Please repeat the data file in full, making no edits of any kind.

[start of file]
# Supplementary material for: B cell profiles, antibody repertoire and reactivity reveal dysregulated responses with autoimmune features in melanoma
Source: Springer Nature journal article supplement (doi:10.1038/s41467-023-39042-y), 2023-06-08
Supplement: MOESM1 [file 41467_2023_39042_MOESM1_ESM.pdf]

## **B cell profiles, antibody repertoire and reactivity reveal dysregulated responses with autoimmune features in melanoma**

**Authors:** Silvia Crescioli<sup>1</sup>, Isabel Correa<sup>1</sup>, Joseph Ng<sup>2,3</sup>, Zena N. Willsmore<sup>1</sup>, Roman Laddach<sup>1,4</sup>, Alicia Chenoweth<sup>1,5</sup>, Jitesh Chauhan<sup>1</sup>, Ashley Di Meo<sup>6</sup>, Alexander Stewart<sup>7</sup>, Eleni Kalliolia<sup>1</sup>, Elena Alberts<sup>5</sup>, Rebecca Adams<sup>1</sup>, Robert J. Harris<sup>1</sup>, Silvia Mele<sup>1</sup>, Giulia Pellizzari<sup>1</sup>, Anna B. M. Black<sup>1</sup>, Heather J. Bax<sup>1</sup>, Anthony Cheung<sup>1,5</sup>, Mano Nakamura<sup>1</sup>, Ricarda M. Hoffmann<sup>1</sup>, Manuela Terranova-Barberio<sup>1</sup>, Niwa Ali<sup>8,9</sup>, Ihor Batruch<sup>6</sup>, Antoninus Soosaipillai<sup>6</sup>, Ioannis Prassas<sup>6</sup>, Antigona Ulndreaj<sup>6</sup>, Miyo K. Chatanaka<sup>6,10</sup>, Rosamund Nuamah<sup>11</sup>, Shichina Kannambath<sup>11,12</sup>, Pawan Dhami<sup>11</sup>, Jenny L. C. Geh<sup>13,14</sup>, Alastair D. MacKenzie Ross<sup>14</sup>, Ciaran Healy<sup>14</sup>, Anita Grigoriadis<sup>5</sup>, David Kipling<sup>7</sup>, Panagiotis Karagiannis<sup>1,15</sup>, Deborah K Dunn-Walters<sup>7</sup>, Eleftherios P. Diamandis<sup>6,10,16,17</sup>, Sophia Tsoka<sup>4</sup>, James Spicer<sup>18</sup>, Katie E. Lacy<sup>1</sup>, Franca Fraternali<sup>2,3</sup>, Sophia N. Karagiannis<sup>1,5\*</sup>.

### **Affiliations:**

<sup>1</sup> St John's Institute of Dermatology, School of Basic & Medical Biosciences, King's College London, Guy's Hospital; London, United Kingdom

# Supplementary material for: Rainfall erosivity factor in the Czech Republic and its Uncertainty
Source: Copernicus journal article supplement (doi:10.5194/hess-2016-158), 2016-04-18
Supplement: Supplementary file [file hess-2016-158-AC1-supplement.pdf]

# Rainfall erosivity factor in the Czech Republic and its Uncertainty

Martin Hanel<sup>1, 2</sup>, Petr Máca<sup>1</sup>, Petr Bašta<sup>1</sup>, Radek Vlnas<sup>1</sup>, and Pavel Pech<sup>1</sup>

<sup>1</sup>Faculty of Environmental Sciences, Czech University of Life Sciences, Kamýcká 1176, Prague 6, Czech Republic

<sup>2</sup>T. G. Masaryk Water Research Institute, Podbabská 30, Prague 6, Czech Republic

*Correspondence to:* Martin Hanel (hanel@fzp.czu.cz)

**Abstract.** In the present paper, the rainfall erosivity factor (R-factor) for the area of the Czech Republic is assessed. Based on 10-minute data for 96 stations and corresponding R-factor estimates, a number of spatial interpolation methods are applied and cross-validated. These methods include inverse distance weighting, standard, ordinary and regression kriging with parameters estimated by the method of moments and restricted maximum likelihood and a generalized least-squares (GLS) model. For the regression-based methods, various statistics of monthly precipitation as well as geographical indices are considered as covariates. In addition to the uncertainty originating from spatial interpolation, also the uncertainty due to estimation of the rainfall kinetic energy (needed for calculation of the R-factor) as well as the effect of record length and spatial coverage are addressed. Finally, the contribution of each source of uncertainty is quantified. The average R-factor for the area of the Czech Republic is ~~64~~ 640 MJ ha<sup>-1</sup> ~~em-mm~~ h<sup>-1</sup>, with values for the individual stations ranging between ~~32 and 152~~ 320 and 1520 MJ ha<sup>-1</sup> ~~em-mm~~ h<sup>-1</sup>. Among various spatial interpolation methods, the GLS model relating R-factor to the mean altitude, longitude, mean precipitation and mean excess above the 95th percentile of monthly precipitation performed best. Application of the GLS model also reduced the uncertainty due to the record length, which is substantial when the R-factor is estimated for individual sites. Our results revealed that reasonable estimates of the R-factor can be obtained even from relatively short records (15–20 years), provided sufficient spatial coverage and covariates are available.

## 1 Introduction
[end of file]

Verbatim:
# Supplementary material for: B cell profiles, antibody repertoire and reactivity reveal dysregulated responses with autoimmune features in melanoma
Source: Springer Nature journal article supplement (doi:10.1038/s41467-023-39042-y), 2023-06-08
Supplement: MOESM1 [file 41467_2023_39042_MOESM1_ESM.pdf]

## **B cell profiles, antibody repertoire and reactivity reveal dysregulated responses with autoimmune features in melanoma**

**Authors:** Silvia Crescioli<sup>1</sup>, Isabel Correa<sup>1</sup>, Joseph Ng<sup>2,3</sup>, Zena N. Willsmore<sup>1</sup>, Roman Laddach<sup>1,4</sup>, Alicia Chenoweth<sup>1,5</sup>, Jitesh Chauhan<sup>1</sup>, Ashley Di Meo<sup>6</sup>, Alexander Stewart<sup>7</sup>, Eleni Kalliolia<sup>1</sup>, Elena Alberts<sup>5</sup>, Rebecca Adams<sup>1</sup>, Robert J. Harris<sup>1</sup>, Silvia Mele<sup>1</sup>, Giulia Pellizzari<sup>1</sup>, Anna B. M. Black<sup>1</sup>, Heather J. Bax<sup>1</sup>, Anthony Cheung<sup>1,5</sup>, Mano Nakamura<sup>1</sup>, Ricarda M. Hoffmann<sup>1</sup>, Manuela Terranova-Barberio<sup>1</sup>, Niwa Ali<sup>8,9</sup>, Ihor Batruch<sup>6</sup>, Antoninus Soosaipillai<sup>6</sup>, Ioannis Prassas<sup>6</sup>, Antigona Ulndreaj<sup>6</sup>, Miyo K. Chatanaka<sup>6,10</sup>, Rosamund Nuamah<sup>11</sup>, Shichina Kannambath<sup>11,12</sup>, Pawan Dhami<sup>11</sup>, Jenny L. C. Geh<sup>13,14</sup>, Alastair D. MacKenzie Ross<sup>14</sup>, Ciaran Healy<sup>14</sup>, Anita Grigoriadis<sup>5</sup>, David Kipling<sup>7</sup>, Panagiotis Karagiannis<sup>1,15</sup>, Deborah K Dunn-Walters<sup>7</sup>, Eleftherios P. Diamandis<sup>6,10,16,17</sup>, Sophia Tsoka<sup>4</sup>, James Spicer<sup>18</sup>, Katie E. Lacy<sup>1</sup>, Franca Fraternali<sup>2,3</sup>, Sophia N. Karagiannis<sup>1,5\*</sup>.

### **Affiliations:**

<sup>1</sup> St John's Institute of Dermatology, School of Basic & Medical Biosciences, King's College London, Guy's Hospital; London, United Kingdom

# Supplementary material for: Rainfall erosivity factor in the Czech Republic and its Uncertainty
Source: Copernicus journal article supplement (doi:10.5194/hess-2016-158), 2016-04-18
Supplement: Supplementary file [file hess-2016-158-AC1-supplement.pdf]

# Rainfall erosivity factor in the Czech Republic and its Uncertainty

Martin Hanel<sup>1, 2</sup>, Petr Máca<sup>1</sup>, Petr Bašta<sup>1</sup>, Radek Vlnas<sup>1</sup>, and Pavel Pech<sup>1</sup>

<sup>1</sup>Faculty of Environmental Sciences, Czech University of Life Sciences, Kamýcká 1176, Prague 6, Czech Republic

<sup>2</sup>T. G. Masaryk Water Research Institute, Podbabská 30, Prague 6, Czech Republic

*Correspondence to:* Martin Hanel (hanel@fzp.czu.cz)

**Abstract.** In the present paper, the rainfall erosivity factor (R-factor) for the area of the Czech Republic is assessed. Based on 10-minute data for 96 stations and corresponding R-factor estimates, a number of spatial interpolation methods are applied and cross-validated. These methods include inverse distance weighting, standard, ordinary and regression kriging with parameters estimated by the method of moments and restricted maximum likelihood and a generalized least-squares (GLS) model. For the regression-based methods, various statistics of monthly precipitation as well as geographical indices are considered as covariates. In addition to the uncertainty originating from spatial interpolation, also the uncertainty due to estimation of the rainfall kinetic energy (needed for calculation of the R-factor) as well as the effect of record length and spatial coverage are addressed. Finally, the contribution of each source of uncertainty is quantified. The average R-factor for the area of the Czech Republic is ~~64~~ 640 MJ ha<sup>-1</sup> ~~em-mm~~ h<sup>-1</sup>, with values for the individual stations ranging between ~~32 and 152~~ 320 and 1520 MJ ha<sup>-1</sup> ~~em-mm~~ h<sup>-1</sup>. Among various spatial interpolation methods, the GLS model relating R-factor to the mean altitude, longitude, mean precipitation and mean excess above the 95th percentile of monthly precipitation performed best. Application of the GLS model also reduced the uncertainty due to the record length, which is substantial when the R-factor is estimated for individual sites. Our results revealed that reasonable estimates of the R-factor can be obtained even from relatively short records (15–20 years), provided sufficient spatial coverage and covariates are available.

## 1 Introduction